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Debunking the Serotonin-Depression Theory (with Psychiatrist & Professor Dr. Joanna Moncrieff)

Dr. Caroline Leaf – In this podcast (episode #415) and blog, I talk to psychiatrist, researcher, professor and best-selling author Dr. Joanna Moncrieff about her new study on the chemical imbalance myth, antidepressants as placebo, the causes of depression, how to withdraw from psychiatric drugs, and so much more.

As mentioned in my interview with journalist and mental health advocate Robert Whitaker and my previous interview with Dr. Joanna Moncrieff, the chemical imbalance theory has been around for a long time. From the 1970s, drug companies and many mental health professionals have largely marketed psychiatric drugs as anti-psychotic, anti-depressive, or anxiolytic (anti-anxiety)—cures combating a particular disease, notwithstanding the lack of evidence for chemical imbalances or other pathologies related to mental illness. This was recently highlighted in the groundbreaking systematic review study led by the psychiatrist and researcher Joanna Moncrieff, Mike Horowitz and their team.

As Moncrieff and Whitaker point out (alongside many other mental health professionals and advocates), the chemical imbalance approach is shaped by the assumption that symptoms of depression and other mental health issues are caused by a brain chemical abnormality, and that psychotropics like anti-depressants help rectify this abnormality and improve mental health.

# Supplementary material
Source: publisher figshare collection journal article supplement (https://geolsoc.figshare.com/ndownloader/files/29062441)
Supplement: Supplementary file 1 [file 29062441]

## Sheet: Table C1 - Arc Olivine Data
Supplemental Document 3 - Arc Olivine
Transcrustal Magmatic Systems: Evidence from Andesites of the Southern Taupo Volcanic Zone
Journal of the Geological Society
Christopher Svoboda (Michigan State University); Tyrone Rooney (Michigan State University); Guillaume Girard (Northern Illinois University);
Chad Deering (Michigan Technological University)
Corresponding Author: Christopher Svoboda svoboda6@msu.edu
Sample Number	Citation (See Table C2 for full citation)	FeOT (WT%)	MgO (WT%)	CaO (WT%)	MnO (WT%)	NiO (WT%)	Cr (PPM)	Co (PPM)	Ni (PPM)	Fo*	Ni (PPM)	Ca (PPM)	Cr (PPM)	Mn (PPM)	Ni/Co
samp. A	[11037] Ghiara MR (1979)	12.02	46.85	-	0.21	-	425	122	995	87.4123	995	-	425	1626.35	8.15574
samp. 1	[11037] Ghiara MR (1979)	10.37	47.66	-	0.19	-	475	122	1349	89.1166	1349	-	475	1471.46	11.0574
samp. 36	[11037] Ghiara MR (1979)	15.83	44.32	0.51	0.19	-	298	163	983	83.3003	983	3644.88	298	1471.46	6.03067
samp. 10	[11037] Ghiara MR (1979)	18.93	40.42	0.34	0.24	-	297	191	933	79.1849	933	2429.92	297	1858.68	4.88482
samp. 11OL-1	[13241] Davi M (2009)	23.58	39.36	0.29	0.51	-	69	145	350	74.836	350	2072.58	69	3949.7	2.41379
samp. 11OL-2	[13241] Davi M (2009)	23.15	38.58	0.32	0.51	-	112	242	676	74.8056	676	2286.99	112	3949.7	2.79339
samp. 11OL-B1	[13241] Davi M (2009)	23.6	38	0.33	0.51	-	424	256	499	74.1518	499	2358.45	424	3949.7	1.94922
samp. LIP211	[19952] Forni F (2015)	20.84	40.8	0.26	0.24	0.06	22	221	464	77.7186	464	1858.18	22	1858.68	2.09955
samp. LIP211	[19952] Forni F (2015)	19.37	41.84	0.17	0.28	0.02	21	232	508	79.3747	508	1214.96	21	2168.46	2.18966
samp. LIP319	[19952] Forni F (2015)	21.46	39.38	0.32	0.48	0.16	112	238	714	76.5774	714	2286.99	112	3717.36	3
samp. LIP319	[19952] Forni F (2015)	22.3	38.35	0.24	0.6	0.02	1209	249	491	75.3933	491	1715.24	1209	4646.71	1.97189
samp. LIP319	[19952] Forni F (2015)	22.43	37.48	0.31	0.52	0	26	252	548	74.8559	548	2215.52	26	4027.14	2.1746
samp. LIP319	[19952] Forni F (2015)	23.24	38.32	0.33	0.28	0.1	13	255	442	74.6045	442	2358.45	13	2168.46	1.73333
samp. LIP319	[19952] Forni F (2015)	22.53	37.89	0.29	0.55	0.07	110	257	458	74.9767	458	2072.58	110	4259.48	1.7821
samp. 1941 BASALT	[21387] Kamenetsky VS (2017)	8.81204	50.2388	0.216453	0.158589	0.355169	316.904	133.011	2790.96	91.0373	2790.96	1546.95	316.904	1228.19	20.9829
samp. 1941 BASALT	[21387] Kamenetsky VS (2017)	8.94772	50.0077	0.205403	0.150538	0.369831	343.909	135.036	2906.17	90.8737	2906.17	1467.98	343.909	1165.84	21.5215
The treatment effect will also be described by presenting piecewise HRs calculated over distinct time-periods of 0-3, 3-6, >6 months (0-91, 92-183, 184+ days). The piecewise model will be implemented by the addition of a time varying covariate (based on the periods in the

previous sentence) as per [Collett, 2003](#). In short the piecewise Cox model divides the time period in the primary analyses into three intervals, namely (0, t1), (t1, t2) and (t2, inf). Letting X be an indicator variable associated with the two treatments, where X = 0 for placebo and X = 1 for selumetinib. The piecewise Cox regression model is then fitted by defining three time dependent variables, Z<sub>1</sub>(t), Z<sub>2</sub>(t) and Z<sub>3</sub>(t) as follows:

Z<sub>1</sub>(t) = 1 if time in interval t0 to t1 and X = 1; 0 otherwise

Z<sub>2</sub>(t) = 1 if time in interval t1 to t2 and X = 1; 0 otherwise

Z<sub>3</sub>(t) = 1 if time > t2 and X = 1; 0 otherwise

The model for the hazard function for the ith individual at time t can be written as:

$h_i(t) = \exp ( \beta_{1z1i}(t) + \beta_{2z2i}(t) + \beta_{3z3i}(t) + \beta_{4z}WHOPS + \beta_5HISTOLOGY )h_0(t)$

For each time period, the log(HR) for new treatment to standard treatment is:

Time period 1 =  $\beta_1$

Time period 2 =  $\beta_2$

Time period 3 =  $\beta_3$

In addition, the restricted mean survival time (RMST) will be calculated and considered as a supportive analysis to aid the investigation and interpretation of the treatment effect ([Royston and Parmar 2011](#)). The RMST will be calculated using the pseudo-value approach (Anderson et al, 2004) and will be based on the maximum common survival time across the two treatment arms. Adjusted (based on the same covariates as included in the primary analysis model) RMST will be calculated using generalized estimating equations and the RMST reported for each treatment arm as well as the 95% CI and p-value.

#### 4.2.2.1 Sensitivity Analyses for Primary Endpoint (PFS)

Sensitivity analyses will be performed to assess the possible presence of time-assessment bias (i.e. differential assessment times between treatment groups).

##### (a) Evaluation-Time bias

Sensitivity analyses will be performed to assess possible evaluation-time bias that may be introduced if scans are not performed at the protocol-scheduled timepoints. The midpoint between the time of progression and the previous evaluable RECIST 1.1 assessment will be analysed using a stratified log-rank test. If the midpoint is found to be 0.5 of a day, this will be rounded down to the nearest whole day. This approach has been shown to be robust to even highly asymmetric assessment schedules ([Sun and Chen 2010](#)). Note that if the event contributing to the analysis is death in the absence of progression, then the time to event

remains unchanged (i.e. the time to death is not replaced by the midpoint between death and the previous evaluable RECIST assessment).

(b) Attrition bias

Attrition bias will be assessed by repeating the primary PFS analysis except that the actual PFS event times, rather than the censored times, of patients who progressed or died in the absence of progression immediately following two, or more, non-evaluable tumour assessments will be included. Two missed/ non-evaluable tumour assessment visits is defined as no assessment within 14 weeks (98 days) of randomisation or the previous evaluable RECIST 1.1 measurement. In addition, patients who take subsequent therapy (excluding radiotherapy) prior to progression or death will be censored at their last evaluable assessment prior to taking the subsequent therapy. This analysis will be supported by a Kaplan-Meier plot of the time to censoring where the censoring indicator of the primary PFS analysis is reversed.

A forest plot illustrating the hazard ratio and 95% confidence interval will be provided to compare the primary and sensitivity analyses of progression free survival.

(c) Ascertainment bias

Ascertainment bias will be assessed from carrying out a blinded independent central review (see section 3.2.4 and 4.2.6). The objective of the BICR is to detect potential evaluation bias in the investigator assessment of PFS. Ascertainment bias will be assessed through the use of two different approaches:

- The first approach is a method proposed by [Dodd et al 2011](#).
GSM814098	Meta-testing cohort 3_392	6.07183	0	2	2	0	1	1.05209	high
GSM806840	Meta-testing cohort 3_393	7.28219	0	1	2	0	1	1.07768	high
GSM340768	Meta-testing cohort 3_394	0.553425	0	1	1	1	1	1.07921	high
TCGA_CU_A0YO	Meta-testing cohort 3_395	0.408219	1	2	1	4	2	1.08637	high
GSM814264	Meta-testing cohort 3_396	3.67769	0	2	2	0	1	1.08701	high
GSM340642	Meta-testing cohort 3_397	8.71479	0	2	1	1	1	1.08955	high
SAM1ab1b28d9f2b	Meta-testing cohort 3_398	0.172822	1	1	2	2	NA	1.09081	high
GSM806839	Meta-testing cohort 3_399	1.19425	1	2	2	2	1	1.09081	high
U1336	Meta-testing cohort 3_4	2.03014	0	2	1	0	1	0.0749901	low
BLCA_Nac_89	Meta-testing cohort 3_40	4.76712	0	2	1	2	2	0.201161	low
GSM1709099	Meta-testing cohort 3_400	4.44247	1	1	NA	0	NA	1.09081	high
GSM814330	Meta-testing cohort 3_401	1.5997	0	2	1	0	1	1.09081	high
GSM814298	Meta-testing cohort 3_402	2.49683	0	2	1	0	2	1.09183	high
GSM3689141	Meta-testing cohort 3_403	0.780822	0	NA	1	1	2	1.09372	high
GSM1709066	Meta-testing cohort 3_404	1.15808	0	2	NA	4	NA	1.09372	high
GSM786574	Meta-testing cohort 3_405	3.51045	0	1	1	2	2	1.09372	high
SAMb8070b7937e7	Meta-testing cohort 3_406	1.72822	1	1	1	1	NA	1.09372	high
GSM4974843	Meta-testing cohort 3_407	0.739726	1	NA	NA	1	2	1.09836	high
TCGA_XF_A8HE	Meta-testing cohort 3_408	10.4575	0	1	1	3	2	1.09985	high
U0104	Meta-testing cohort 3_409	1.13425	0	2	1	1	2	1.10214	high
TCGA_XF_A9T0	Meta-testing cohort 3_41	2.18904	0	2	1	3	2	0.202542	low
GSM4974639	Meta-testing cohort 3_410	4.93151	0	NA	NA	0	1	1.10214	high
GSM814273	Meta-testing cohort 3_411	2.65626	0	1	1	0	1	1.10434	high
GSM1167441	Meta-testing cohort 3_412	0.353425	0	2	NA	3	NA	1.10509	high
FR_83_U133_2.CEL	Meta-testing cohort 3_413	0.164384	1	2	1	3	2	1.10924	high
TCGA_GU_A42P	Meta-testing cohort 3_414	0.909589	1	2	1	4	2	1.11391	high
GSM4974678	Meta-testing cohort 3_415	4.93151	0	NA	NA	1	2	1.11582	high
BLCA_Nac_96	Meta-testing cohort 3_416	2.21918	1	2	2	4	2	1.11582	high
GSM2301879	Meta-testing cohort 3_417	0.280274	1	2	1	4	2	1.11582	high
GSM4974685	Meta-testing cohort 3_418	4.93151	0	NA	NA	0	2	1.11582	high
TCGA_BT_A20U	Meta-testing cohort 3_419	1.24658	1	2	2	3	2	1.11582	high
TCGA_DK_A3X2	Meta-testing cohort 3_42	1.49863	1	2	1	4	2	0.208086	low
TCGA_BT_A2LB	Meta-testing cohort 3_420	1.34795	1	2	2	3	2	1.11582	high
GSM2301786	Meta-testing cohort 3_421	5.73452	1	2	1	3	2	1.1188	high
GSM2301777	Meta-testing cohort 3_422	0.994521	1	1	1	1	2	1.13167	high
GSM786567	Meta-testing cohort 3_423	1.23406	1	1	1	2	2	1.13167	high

Even though this hypothesis currently dominates the way we think about mental health, we have no evidence that it is the best way to understand mental issues, as Moncrieff points out in her study on the serotonin theory of depression. First, there is no strong evidence that depression, for example, is associated with any particular biochemical abnormality. Moreover, we do not know if the drugs we use work in this way, i.e. correcting biochemical imbalances. This is due to the fact that the mental health drugs we use are psychoactive. They cross the blood-brain barrier and change the normal state of the brain, which means they can change our feelings, thoughts, perceptions and even behaviors, just in the same way a substance like alcohol can. For instance, alcohol may decrease someone’s social anxiety, but this does not mean it is a “cure” for social anxiety. Many psychotropics work the same way, including antidepressants—we have been lied to for decades.